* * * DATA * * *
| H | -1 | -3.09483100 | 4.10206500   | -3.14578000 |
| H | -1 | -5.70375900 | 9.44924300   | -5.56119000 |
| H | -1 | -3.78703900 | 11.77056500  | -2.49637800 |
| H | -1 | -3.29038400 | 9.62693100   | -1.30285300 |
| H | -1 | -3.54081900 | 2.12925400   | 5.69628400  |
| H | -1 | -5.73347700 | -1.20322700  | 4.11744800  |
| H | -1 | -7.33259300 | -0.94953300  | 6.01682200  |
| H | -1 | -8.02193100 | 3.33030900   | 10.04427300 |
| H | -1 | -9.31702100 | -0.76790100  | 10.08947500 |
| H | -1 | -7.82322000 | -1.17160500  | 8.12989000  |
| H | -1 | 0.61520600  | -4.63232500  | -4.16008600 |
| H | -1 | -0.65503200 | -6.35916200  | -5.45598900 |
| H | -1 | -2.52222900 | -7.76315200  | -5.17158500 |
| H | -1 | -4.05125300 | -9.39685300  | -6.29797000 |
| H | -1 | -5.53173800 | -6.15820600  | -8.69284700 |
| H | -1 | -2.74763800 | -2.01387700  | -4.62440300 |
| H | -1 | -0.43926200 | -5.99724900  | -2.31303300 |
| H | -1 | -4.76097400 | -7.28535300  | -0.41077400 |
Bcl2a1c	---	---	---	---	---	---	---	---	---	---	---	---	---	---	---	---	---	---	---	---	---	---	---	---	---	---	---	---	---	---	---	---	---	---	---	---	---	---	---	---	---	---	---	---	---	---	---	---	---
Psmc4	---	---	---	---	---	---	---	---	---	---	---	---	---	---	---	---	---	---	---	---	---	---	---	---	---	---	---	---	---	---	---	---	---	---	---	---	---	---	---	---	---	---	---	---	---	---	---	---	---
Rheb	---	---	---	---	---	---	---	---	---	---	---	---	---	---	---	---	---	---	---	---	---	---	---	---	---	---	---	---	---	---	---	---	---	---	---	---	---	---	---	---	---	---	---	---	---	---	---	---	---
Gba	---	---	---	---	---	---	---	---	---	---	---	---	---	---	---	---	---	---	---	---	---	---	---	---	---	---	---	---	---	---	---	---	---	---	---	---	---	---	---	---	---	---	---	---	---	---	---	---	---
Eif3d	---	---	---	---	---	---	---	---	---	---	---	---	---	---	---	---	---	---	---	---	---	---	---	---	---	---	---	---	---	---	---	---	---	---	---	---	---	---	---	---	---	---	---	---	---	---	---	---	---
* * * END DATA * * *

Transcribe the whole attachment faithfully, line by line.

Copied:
| H | -1 | -3.09483100 | 4.10206500   | -3.14578000 |
| H | -1 | -5.70375900 | 9.44924300   | -5.56119000 |
| H | -1 | -3.78703900 | 11.77056500  | -2.49637800 |
| H | -1 | -3.29038400 | 9.62693100   | -1.30285300 |
| H | -1 | -3.54081900 | 2.12925400   | 5.69628400  |
| H | -1 | -5.73347700 | -1.20322700  | 4.11744800  |
| H | -1 | -7.33259300 | -0.94953300  | 6.01682200  |
| H | -1 | -8.02193100 | 3.33030900   | 10.04427300 |
| H | -1 | -9.31702100 | -0.76790100  | 10.08947500 |
| H | -1 | -7.82322000 | -1.17160500  | 8.12989000  |
| H | -1 | 0.61520600  | -4.63232500  | -4.16008600 |
| H | -1 | -0.65503200 | -6.35916200  | -5.45598900 |
| H | -1 | -2.52222900 | -7.76315200  | -5.17158500 |
| H | -1 | -4.05125300 | -9.39685300  | -6.29797000 |
| H | -1 | -5.53173800 | -6.15820600  | -8.69284700 |
| H | -1 | -2.74763800 | -2.01387700  | -4.62440300 |
| H | -1 | -0.43926200 | -5.99724900  | -2.31303300 |
| H | -1 | -4.76097400 | -7.28535300  | -0.41077400 |
Bcl2a1c	---	---	---	---	---	---	---	---	---	---	---	---	---	---	---	---	---	---	---	---	---	---	---	---	---	---	---	---	---	---	---	---	---	---	---	---	---	---	---	---	---	---	---	---	---	---	---	---	---
Psmc4	---	---	---	---	---	---	---	---	---	---	---	---	---	---	---	---	---	---	---	---	---	---	---	---	---	---	---	---	---	---	---	---	---	---	---	---	---	---	---	---	---	---	---	---	---	---	---	---	---
Rheb	---	---	---	---	---	---	---	---	---	---	---	---	---	---	---	---	---	---	---	---	---	---	---	---	---	---	---	---	---	---	---	---	---	---	---	---	---	---	---	---	---	---	---	---	---	---	---	---	---
Gba	---	---	---	---	---	---	---	---	---	---	---	---	---	---	---	---	---	---	---	---	---	---	---	---	---	---	---	---	---	---	---	---	---	---	---	---	---	---	---	---	---	---	---	---	---	---	---	---	---
Eif3d	---	---	---	---	---	---	---	---	---	---	---	---	---	---	---	---	---	---	---	---	---	---	---	---	---	---	---	---	---	---	---	---	---	---	---	---	---	---	---	---	---	---	---	---	---	---	---	---	---